Thursday, Jun 14 @ 1:25 pm
  • Part Time OBXer

    This is not a single family structure – plain and simple. It is a business. And since there is no Commercial use on the 4×4, this business is therefore out of code and not within county zoning laws. The single structure, passed the initial CAMA because it didn’t add in the other 2 structures because they weren’t attached. Attached, they needed to be set back another 200 feet, and that wouldn’t be possible as then it wouldn’t fit on the lot size. And to be attached, it didn’t meet county zoning code. And it can’t be considered commercial since that is banned in the 4×4 area. 3 strikes, your out…. of a couple of million dollars! Tear it down! At some point quality of life has got to outweigh greedy people looking to ruin everything around them just to make the all mighty dollar! But since they don’t live there, who cares, they don’t have to look at it! Maybe they should build it in front of their actual residence where they live and see how they like it!

    Thursday, Jun 14 @ 1:31 pm
  • OBX Girl

    Face it … Outer Banks was bought and sold long ago! The charm is gone, tourists have taken over and just about every damn huge home on the banks is owned by someone out of state. Mostly up North. The counties only see dollar signs. Sad, so sad. The tourists are the problem. Big homes are being built to suit them. They are eye sores that sit vacant majority of the year, they drive up the cost of living here for the locals and not to mention we have to put up with the tourists clogging our roads, don’t pay attention to the speed limits, trash our beaches and I have yet to meet one that is respectful of a local. Majority of locals hate the tourists and wish they would stay home.

    Thursday, Jun 14 @ 3:29 pm
  • Cate

    The house is done. They had a permit. Leave it alone. Greedy, billionaires … how about hard working people who decided to invest in the area!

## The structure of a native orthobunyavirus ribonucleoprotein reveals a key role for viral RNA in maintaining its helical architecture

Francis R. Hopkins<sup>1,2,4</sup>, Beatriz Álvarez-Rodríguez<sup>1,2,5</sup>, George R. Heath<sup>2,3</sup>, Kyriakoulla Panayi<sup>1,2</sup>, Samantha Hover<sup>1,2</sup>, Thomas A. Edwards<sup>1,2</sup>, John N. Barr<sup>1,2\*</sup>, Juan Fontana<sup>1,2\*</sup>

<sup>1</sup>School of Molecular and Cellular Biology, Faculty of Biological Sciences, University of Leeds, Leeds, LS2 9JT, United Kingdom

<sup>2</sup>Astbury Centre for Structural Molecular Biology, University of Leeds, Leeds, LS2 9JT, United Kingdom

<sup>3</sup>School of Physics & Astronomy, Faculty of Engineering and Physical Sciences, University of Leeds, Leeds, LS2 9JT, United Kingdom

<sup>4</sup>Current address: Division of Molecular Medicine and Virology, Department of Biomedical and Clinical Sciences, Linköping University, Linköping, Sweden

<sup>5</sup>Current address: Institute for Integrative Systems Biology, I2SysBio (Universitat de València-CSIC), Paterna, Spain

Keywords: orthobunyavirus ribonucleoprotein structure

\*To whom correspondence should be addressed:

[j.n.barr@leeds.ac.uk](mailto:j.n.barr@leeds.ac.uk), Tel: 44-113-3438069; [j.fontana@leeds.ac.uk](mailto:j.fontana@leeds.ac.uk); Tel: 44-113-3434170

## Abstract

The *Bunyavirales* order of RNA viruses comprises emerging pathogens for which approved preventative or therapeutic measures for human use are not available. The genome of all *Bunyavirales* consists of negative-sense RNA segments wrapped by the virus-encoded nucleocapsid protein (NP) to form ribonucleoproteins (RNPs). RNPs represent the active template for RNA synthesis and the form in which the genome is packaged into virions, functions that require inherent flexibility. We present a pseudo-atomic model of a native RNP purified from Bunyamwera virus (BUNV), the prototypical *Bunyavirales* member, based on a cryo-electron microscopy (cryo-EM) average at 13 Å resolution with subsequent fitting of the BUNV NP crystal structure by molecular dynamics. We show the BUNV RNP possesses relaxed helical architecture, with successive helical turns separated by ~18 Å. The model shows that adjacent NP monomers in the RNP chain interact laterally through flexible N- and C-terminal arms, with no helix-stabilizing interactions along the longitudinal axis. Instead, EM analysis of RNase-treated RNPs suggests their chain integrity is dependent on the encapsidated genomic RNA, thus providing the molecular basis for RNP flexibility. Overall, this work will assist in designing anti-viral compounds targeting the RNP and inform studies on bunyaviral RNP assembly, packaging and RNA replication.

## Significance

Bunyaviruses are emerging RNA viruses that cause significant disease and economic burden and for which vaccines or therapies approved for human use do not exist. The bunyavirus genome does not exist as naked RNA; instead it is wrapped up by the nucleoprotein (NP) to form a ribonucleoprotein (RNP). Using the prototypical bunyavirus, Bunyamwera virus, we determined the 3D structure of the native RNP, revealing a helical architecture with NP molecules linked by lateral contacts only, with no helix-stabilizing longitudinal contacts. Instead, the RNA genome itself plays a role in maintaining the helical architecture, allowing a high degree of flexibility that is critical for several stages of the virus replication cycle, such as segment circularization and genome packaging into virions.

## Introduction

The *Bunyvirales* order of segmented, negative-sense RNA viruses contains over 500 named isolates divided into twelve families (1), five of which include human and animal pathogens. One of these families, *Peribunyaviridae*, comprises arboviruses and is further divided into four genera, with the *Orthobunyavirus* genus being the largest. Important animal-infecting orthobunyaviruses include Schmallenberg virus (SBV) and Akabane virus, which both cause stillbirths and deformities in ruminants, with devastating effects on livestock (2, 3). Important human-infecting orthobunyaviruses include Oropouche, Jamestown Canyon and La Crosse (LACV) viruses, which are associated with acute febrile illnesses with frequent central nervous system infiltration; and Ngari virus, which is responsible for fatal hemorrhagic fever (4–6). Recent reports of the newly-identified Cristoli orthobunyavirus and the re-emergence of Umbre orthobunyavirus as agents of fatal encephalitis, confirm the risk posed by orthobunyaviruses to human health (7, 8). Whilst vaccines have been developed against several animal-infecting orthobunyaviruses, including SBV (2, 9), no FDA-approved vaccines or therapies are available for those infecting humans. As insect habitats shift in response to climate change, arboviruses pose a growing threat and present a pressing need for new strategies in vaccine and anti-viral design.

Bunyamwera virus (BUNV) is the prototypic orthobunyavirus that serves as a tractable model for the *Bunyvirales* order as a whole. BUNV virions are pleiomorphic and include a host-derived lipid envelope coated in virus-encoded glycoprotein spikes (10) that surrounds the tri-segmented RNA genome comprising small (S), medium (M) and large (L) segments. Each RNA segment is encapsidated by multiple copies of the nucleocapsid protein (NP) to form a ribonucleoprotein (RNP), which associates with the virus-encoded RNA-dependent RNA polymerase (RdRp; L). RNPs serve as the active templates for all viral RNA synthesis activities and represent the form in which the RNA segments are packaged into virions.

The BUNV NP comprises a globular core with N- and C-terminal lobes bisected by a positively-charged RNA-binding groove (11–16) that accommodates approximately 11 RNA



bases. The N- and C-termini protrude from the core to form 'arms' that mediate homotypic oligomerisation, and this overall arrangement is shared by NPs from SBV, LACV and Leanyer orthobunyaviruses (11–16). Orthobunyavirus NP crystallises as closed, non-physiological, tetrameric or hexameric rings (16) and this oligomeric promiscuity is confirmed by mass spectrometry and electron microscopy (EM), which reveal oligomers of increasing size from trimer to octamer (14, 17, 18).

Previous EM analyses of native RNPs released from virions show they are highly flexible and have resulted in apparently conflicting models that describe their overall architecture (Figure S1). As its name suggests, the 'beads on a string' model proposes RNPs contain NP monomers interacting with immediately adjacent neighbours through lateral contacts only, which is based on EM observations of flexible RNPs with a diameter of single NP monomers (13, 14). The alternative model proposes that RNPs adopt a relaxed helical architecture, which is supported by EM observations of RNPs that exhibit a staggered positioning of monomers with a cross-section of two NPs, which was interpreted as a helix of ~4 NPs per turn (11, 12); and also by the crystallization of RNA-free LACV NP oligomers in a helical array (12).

Thursday, Jun 14 @ 9:21 pm
  • Kathy K

    Being an owner in OBX for over 12 years and having just rented The Chesapeake to host a family wedding, I have to share that this is an amazing home that surpasses anything I have seen in the Outer Banks.

    This house elevates property values which is good for everyone, as well as brings a lot of revenue to local vendors. With families renting this home local vendors that gain business include: caterers, wedding designers, florists, photographers, rental companies for chairs, tables, linens, lighting & a dance floor. Also, DJ’s, hair, make-up and nail salons gain new business in addition to all the guests spending money to tour the area. This includes site seeing, boat rentals, lighthouse and other tours, commerce to the local restaurants, including favorites like Uncle Ike’s and Duck Donuts, the 4×4 fire station visits/donations and the groceries bought were boundless. During the week, there were a few items needing repair, which is typical, so several local 4×4 contractors were extremely helpful and responsive to make repairs and shared their appreciation for the Chesapeake and the income it brings them. Having worked with every one of these local vendors, they could not have been more gracious of the business we brought them. During rental season a wedding event can bring in approximately $25,000 to $75,000 each week to local vendors and local businesses. That is an amazing revenue opportunity for Corolla and Currituck County. Setting aside the money, the joy it brings to families that gather from all over, and the memories they have will last for a life time.